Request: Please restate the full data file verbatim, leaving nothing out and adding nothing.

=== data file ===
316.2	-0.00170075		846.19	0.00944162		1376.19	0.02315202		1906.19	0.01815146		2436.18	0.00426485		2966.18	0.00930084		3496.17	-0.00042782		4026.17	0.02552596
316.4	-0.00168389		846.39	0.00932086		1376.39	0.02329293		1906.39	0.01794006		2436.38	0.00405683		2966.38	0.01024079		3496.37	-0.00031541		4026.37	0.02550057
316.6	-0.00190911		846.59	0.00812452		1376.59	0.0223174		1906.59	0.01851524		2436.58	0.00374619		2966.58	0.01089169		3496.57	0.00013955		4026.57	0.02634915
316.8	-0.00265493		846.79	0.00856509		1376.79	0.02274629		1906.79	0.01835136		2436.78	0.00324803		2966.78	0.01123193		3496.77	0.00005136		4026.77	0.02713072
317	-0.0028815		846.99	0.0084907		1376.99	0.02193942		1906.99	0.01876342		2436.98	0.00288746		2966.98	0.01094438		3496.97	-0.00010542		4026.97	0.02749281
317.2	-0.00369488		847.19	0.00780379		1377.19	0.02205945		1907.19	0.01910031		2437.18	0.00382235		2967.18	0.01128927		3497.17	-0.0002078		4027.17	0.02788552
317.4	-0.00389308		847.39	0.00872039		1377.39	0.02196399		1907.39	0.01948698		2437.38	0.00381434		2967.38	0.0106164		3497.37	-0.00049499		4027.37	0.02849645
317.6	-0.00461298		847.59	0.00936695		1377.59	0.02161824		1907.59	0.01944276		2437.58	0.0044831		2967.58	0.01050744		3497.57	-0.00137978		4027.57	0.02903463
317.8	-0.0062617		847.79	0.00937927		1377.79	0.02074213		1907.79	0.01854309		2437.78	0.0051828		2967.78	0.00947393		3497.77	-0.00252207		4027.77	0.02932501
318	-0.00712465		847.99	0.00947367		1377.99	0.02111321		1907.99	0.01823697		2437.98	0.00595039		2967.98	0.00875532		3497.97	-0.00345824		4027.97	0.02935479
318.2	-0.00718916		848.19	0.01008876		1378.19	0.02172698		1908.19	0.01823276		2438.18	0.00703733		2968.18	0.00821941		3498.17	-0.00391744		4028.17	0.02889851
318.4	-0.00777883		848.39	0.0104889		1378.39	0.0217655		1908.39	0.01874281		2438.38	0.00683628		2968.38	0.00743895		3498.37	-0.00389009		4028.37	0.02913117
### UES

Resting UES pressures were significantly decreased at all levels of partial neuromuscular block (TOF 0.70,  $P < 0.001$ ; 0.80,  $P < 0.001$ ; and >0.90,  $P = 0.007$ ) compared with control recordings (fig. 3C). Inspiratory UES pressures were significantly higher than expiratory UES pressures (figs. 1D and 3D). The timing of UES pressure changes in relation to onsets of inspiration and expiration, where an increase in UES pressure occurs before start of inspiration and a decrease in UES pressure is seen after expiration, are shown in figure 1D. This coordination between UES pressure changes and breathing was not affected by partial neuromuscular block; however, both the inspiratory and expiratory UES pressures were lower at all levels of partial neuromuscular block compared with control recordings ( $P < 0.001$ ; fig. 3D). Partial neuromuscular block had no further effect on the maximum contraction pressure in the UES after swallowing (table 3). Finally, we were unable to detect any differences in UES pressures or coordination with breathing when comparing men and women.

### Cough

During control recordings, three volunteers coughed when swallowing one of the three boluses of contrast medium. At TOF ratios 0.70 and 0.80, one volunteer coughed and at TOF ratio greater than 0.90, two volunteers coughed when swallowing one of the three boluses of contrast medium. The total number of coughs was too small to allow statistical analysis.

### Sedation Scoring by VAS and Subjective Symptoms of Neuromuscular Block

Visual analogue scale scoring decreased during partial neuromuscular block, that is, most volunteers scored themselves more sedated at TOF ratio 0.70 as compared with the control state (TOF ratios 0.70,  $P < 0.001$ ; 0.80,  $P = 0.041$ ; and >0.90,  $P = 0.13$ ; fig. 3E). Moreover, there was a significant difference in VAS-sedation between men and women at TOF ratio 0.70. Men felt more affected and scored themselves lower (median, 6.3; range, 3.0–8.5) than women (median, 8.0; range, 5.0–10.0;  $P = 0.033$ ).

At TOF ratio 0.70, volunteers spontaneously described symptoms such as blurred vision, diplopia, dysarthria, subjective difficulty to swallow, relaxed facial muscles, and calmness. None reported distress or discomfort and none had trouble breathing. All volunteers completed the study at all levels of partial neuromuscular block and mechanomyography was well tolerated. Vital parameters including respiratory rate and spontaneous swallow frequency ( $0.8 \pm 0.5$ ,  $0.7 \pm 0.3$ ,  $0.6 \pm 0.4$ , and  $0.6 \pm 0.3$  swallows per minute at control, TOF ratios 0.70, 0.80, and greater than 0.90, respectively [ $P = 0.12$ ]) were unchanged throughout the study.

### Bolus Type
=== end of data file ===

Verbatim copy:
316.2	-0.00170075		846.19	0.00944162		1376.19	0.02315202		1906.19	0.01815146		2436.18	0.00426485		2966.18	0.00930084		3496.17	-0.00042782		4026.17	0.02552596
316.4	-0.00168389		846.39	0.00932086		1376.39	0.02329293		1906.39	0.01794006		2436.38	0.00405683		2966.38	0.01024079		3496.37	-0.00031541		4026.37	0.02550057
316.6	-0.00190911		846.59	0.00812452		1376.59	0.0223174		1906.59	0.01851524		2436.58	0.00374619		2966.58	0.01089169		3496.57	0.00013955		4026.57	0.02634915
316.8	-0.00265493		846.79	0.00856509		1376.79	0.02274629		1906.79	0.01835136		2436.78	0.00324803		2966.78	0.01123193		3496.77	0.00005136		4026.77	0.02713072
317	-0.0028815		846.99	0.0084907		1376.99	0.02193942		1906.99	0.01876342		2436.98	0.00288746		2966.98	0.01094438		3496.97	-0.00010542		4026.97	0.02749281
317.2	-0.00369488		847.19	0.00780379		1377.19	0.02205945		1907.19	0.01910031		2437.18	0.00382235		2967.18	0.01128927		3497.17	-0.0002078		4027.17	0.02788552
317.4	-0.00389308		847.39	0.00872039		1377.39	0.02196399		1907.39	0.01948698		2437.38	0.00381434		2967.38	0.0106164		3497.37	-0.00049499		4027.37	0.02849645
317.6	-0.00461298		847.59	0.00936695		1377.59	0.02161824		1907.59	0.01944276		2437.58	0.0044831		2967.58	0.01050744		3497.57	-0.00137978		4027.57	0.02903463
317.8	-0.0062617		847.79	0.00937927		1377.79	0.02074213		1907.79	0.01854309		2437.78	0.0051828		2967.78	0.00947393		3497.77	-0.00252207		4027.77	0.02932501
318	-0.00712465		847.99	0.00947367		1377.99	0.02111321		1907.99	0.01823697		2437.98	0.00595039		2967.98	0.00875532		3497.97	-0.00345824		4027.97	0.02935479
318.2	-0.00718916		848.19	0.01008876		1378.19	0.02172698		1908.19	0.01823276		2438.18	0.00703733		2968.18	0.00821941		3498.17	-0.00391744		4028.17	0.02889851
318.4	-0.00777883		848.39	0.0104889		1378.39	0.0217655		1908.39	0.01874281		2438.38	0.00683628		2968.38	0.00743895		3498.37	-0.00389009		4028.37	0.02913117
### UES

Resting UES pressures were significantly decreased at all levels of partial neuromuscular block (TOF 0.70,  $P < 0.001$ ; 0.80,  $P < 0.001$ ; and >0.90,  $P = 0.007$ ) compared with control recordings (fig. 3C). Inspiratory UES pressures were significantly higher than expiratory UES pressures (figs. 1D and 3D). The timing of UES pressure changes in relation to onsets of inspiration and expiration, where an increase in UES pressure occurs before start of inspiration and a decrease in UES pressure is seen after expiration, are shown in figure 1D. This coordination between UES pressure changes and breathing was not affected by partial neuromuscular block; however, both the inspiratory and expiratory UES pressures were lower at all levels of partial neuromuscular block compared with control recordings ( $P < 0.001$ ; fig. 3D). Partial neuromuscular block had no further effect on the maximum contraction pressure in the UES after swallowing (table 3). Finally, we were unable to detect any differences in UES pressures or coordination with breathing when comparing men and women.

### Cough

During control recordings, three volunteers coughed when swallowing one of the three boluses of contrast medium. At TOF ratios 0.70 and 0.80, one volunteer coughed and at TOF ratio greater than 0.90, two volunteers coughed when swallowing one of the three boluses of contrast medium. The total number of coughs was too small to allow statistical analysis.

### Sedation Scoring by VAS and Subjective Symptoms of Neuromuscular Block

Visual analogue scale scoring decreased during partial neuromuscular block, that is, most volunteers scored themselves more sedated at TOF ratio 0.70 as compared with the control state (TOF ratios 0.70,  $P < 0.001$ ; 0.80,  $P = 0.041$ ; and >0.90,  $P = 0.13$ ; fig. 3E). Moreover, there was a significant difference in VAS-sedation between men and women at TOF ratio 0.70. Men felt more affected and scored themselves lower (median, 6.3; range, 3.0–8.5) than women (median, 8.0; range, 5.0–10.0;  $P = 0.033$ ).

At TOF ratio 0.70, volunteers spontaneously described symptoms such as blurred vision, diplopia, dysarthria, subjective difficulty to swallow, relaxed facial muscles, and calmness. None reported distress or discomfort and none had trouble breathing. All volunteers completed the study at all levels of partial neuromuscular block and mechanomyography was well tolerated. Vital parameters including respiratory rate and spontaneous swallow frequency ( $0.8 \pm 0.5$ ,  $0.7 \pm 0.3$ ,  $0.6 \pm 0.4$ , and  $0.6 \pm 0.3$  swallows per minute at control, TOF ratios 0.70, 0.80, and greater than 0.90, respectively [ $P = 0.12$ ]) were unchanged throughout the study.

### Bolus Type